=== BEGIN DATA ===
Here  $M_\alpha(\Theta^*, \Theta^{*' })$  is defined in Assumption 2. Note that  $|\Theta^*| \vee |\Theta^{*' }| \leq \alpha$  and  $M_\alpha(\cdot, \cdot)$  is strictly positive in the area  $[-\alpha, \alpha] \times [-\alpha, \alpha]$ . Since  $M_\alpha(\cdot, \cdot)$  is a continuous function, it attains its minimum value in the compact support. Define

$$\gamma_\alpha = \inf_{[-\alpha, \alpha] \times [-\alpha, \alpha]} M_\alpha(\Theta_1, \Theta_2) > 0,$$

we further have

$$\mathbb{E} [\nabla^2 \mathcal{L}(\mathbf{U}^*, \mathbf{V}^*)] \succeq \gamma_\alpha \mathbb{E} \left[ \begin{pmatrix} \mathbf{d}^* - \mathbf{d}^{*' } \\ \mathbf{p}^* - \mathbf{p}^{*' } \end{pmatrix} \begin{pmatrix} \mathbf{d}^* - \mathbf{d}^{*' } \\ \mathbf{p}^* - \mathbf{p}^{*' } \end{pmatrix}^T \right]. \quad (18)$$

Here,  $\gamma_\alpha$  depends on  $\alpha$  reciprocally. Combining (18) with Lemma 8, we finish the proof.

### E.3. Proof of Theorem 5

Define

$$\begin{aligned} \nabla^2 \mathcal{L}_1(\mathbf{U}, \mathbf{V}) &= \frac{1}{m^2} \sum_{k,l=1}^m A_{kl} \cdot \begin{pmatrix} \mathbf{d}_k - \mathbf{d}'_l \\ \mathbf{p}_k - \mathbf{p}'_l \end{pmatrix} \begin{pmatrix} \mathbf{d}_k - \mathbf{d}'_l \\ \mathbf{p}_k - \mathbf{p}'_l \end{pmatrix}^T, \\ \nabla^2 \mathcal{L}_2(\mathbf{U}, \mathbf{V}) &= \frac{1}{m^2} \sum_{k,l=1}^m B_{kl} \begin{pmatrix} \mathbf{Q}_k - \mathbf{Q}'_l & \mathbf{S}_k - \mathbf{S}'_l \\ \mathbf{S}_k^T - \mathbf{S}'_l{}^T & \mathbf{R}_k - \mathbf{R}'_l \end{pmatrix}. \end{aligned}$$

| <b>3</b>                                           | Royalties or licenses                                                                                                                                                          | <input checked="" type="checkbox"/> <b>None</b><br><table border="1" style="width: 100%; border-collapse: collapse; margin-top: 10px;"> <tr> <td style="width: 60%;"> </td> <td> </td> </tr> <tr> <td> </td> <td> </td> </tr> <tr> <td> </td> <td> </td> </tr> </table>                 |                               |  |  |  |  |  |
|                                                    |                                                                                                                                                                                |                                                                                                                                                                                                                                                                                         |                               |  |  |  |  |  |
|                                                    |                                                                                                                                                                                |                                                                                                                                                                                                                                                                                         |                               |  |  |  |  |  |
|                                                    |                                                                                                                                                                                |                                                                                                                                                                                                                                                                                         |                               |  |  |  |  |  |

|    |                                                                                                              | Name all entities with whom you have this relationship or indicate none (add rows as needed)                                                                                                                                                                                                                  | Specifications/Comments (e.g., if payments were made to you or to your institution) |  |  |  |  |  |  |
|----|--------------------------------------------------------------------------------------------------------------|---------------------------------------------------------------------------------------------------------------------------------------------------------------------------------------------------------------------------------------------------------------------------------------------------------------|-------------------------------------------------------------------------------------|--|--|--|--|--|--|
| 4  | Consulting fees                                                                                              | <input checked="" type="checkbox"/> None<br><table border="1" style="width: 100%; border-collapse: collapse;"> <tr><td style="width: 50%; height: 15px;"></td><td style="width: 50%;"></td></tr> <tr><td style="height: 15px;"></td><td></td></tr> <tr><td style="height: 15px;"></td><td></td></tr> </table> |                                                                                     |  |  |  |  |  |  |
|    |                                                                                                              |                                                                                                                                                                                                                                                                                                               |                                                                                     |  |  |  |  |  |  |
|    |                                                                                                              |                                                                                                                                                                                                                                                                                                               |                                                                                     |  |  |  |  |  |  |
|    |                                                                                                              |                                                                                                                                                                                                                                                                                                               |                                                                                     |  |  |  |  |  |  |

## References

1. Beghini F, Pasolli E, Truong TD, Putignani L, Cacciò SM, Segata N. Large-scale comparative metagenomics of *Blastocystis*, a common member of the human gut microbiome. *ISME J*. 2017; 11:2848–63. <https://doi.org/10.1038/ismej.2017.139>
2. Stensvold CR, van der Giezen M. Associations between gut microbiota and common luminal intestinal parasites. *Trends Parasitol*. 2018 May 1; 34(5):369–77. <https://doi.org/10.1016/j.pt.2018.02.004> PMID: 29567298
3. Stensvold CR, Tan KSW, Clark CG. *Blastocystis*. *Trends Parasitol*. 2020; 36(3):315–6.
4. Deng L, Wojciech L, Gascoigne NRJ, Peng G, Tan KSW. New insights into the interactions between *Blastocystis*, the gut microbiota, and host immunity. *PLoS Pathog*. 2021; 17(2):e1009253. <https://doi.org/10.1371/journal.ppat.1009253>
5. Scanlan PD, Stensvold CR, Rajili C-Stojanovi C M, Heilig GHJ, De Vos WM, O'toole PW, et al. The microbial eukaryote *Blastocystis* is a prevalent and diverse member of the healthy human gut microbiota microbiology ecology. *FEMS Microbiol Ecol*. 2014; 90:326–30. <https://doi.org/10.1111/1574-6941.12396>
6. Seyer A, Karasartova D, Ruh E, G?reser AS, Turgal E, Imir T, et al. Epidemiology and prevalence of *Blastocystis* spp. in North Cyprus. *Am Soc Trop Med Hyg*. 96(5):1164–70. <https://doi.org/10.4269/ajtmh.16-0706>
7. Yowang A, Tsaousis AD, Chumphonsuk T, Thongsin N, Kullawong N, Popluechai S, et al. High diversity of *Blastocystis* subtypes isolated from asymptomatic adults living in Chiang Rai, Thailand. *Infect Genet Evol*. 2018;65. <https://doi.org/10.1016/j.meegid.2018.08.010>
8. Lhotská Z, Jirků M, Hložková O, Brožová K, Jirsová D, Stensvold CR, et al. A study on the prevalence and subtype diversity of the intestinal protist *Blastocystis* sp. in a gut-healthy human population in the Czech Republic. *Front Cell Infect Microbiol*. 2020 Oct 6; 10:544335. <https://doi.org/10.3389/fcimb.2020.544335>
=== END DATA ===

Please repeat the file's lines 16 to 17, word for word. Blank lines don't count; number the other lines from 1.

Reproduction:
|    |                                                                                                              |                                                                                                                                                                                                                                                                                                               |                                                                                     |  |  |  |  |  |  |
|    |                                                                                                              |                                                                                                                                                                                                                                                                                                               |                                                                                     |  |  |  |  |  |  |